Password protect a Word 2010 template
September 26, 2013 3:58 PM   Subscribe

My staff use a number of Word 2010 templates that I need to restrict the editing of. I want users to be able to double click on the file and be able to make any changes they need (not just adding text to fields), but opening via right-click-open would require a password to save changes to the original template. I need to keep the .dotm files as they are. Everyone involved is using Windows 7.

Here are the options that we have already come up with and why I don't like them:

1. Right click on the file, open properties, and setting the file as Read Only. This is unacceptable because anyone can uncheck the Read Only option and then make changes to the template.

2. Restrict Editing under the Review Tab in Word. From here I can (A) limit formatting to specific styles, or (B) restrict edits. Both options affect the original template and all documents created with the template.

3. Add a password via Save As > Tools > General Options and adding a password to modify the document. This pops up a box to enter a password even when creating a document with the template (via double click). There is a button to open as Read Only, which then opens the document as expected. This is the best option I've found, but I know that the popup asking for a password immediately will confuse staff and I will personally field many calls about it asking for a password Why Is This Locked I Need The Password GAH.

Are there any better solutions to password protect editing of an original .dotm template file?
posted by rhapsodie to Computers & Internet (6 answers total)
Right click on the file, open properties, and setting the file as Read Only.

If you have a file server or network storage device of some sort, you can probably set the files read-only in such a way that no one can save back to the folder they are in. If that sounds useful, reply back with what sort of set up you're running.
posted by Nonsteroidal Anti-Inflammatory Drug at 4:23 PM on September 26, 2013

Response by poster: If you have a file server or network storage device of some sort

All of the files are saved on a shared network drive, but I don't have access to it other than reading and writing files. I personally need to be able to edit the template files when (very infrequently) needed, without submitting a ticket to my IT staff.
posted by rhapsodie at 4:35 PM on September 26, 2013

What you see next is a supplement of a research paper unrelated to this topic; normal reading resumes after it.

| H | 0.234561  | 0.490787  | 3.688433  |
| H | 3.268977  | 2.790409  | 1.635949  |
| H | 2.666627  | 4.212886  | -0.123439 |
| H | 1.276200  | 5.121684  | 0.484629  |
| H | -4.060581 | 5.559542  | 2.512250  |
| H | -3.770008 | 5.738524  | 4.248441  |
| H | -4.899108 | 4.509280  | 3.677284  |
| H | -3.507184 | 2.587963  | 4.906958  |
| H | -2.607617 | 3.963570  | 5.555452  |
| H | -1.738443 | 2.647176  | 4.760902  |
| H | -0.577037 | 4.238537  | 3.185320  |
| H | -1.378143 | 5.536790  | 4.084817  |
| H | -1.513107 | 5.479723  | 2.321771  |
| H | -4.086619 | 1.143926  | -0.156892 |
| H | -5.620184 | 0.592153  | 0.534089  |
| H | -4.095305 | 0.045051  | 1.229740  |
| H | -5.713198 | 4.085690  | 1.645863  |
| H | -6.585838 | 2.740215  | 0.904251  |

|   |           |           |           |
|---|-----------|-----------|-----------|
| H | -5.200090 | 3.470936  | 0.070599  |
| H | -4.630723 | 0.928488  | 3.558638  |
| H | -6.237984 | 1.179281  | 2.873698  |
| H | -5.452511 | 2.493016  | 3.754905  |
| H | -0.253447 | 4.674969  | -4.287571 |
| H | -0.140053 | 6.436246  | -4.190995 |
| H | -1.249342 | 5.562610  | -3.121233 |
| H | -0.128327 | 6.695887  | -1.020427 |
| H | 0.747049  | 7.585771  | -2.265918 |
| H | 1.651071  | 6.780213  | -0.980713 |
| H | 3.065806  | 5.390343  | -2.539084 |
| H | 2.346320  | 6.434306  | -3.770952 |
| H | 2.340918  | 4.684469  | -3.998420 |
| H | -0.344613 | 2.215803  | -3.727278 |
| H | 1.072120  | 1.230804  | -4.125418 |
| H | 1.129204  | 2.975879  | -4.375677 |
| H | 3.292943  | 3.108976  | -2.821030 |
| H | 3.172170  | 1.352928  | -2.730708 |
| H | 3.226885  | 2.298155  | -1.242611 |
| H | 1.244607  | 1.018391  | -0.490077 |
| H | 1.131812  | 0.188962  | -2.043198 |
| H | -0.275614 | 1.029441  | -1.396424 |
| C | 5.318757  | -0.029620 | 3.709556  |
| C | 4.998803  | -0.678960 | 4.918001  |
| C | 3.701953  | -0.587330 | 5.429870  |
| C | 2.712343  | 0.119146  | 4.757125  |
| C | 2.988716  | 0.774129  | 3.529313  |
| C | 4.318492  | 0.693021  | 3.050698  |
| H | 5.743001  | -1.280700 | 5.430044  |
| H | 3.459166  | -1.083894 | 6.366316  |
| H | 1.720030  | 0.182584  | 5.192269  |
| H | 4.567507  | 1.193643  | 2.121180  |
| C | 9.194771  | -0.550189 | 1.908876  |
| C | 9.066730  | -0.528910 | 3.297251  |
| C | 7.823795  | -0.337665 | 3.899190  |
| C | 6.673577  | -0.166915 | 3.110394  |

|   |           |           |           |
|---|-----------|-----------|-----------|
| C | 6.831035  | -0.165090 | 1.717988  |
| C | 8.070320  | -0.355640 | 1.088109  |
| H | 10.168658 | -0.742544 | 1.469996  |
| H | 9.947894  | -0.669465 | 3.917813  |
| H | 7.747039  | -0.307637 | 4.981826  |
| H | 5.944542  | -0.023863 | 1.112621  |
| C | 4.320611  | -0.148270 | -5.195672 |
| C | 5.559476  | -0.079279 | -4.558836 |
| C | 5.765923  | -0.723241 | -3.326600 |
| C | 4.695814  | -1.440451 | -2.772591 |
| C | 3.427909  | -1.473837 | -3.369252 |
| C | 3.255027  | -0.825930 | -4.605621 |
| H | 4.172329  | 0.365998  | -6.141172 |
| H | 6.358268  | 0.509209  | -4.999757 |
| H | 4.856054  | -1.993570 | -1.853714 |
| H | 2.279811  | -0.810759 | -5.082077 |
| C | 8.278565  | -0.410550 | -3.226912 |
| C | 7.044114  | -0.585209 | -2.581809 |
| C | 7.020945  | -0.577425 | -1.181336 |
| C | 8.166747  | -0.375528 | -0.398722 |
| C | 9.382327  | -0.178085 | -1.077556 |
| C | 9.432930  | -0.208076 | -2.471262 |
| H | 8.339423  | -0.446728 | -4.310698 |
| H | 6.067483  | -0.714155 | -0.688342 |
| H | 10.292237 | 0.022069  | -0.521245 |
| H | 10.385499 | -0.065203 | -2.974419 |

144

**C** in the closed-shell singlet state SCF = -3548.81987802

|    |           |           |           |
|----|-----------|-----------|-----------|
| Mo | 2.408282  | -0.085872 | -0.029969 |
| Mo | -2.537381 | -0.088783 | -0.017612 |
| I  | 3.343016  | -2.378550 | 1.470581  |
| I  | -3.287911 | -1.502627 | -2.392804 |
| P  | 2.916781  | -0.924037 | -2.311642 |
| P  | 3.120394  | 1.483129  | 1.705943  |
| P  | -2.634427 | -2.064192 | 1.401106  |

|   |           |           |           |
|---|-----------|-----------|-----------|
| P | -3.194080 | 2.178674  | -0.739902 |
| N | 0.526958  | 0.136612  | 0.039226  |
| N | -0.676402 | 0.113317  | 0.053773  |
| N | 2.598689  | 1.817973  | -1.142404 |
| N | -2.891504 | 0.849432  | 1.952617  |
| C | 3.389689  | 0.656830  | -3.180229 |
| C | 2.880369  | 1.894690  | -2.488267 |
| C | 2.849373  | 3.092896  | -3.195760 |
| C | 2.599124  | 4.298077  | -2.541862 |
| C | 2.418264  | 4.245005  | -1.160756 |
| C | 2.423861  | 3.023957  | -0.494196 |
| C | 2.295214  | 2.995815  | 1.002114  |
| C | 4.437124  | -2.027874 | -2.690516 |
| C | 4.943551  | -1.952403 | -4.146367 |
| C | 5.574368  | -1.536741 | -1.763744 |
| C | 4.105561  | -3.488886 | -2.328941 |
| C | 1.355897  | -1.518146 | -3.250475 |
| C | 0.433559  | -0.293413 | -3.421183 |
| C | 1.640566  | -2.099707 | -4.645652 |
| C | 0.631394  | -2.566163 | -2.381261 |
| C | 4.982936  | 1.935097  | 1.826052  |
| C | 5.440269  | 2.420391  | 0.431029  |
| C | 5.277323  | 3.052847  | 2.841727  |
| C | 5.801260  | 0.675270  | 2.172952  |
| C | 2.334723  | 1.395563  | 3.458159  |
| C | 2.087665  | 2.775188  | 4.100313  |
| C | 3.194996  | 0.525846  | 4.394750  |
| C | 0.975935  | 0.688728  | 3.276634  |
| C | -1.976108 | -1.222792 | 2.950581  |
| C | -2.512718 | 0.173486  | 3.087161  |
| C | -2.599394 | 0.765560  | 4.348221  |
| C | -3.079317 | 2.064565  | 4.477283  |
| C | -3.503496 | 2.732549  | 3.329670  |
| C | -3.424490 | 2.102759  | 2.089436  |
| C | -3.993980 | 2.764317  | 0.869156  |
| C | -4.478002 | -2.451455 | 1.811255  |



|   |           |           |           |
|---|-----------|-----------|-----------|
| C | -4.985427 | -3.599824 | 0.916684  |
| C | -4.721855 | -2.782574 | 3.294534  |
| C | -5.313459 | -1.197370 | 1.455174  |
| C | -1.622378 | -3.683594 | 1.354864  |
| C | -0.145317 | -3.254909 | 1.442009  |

That actually wouldn't be a problem once it's set up. If it's a standard sort of file server with user accounts (like a Windows Server set up), it should be trivial* to give a set of people read-only access and another set of some people read-write access. It might be worth seeing if your IT department is willing to set that up for you.

*There could be other complications with security policies and the like, but as far as the technology goes, it's pretty easy.
posted by Nonsteroidal Anti-Inflammatory Drug at 4:58 PM on September 26, 2013 [1 favorite]

This doesn't answer your exact question with regard to Word, but your solution truly is Google Drive. May or may not be an option for you if your org isn't already Googleized. But any Google doc can be shared with options to Read Only or Edit (and something like Enable Comments Only) and that permission is specific to each user. If you do allow editing, then you can see in one common cloud-based document every change every person makes and who makes it. You can view earlier versions, or restore the original at any time using Revision History. User comments can appear off to the side. It's rather magical for collaborative documents.

If it's just a template then Read Only forces a copy.
posted by AnOrigamiLife at 1:56 AM on September 27, 2013

Just saw where you are. Hey from the end of the road!
posted by AnOrigamiLife at 2:08 AM on September 27, 2013

This evades rather than answers the question, but I would zip up the templates and keep the zip file somewhere safe, then restore the templates if they are changed in any undesirable way.
posted by megatherium at 12:53 PM on September 27, 2013

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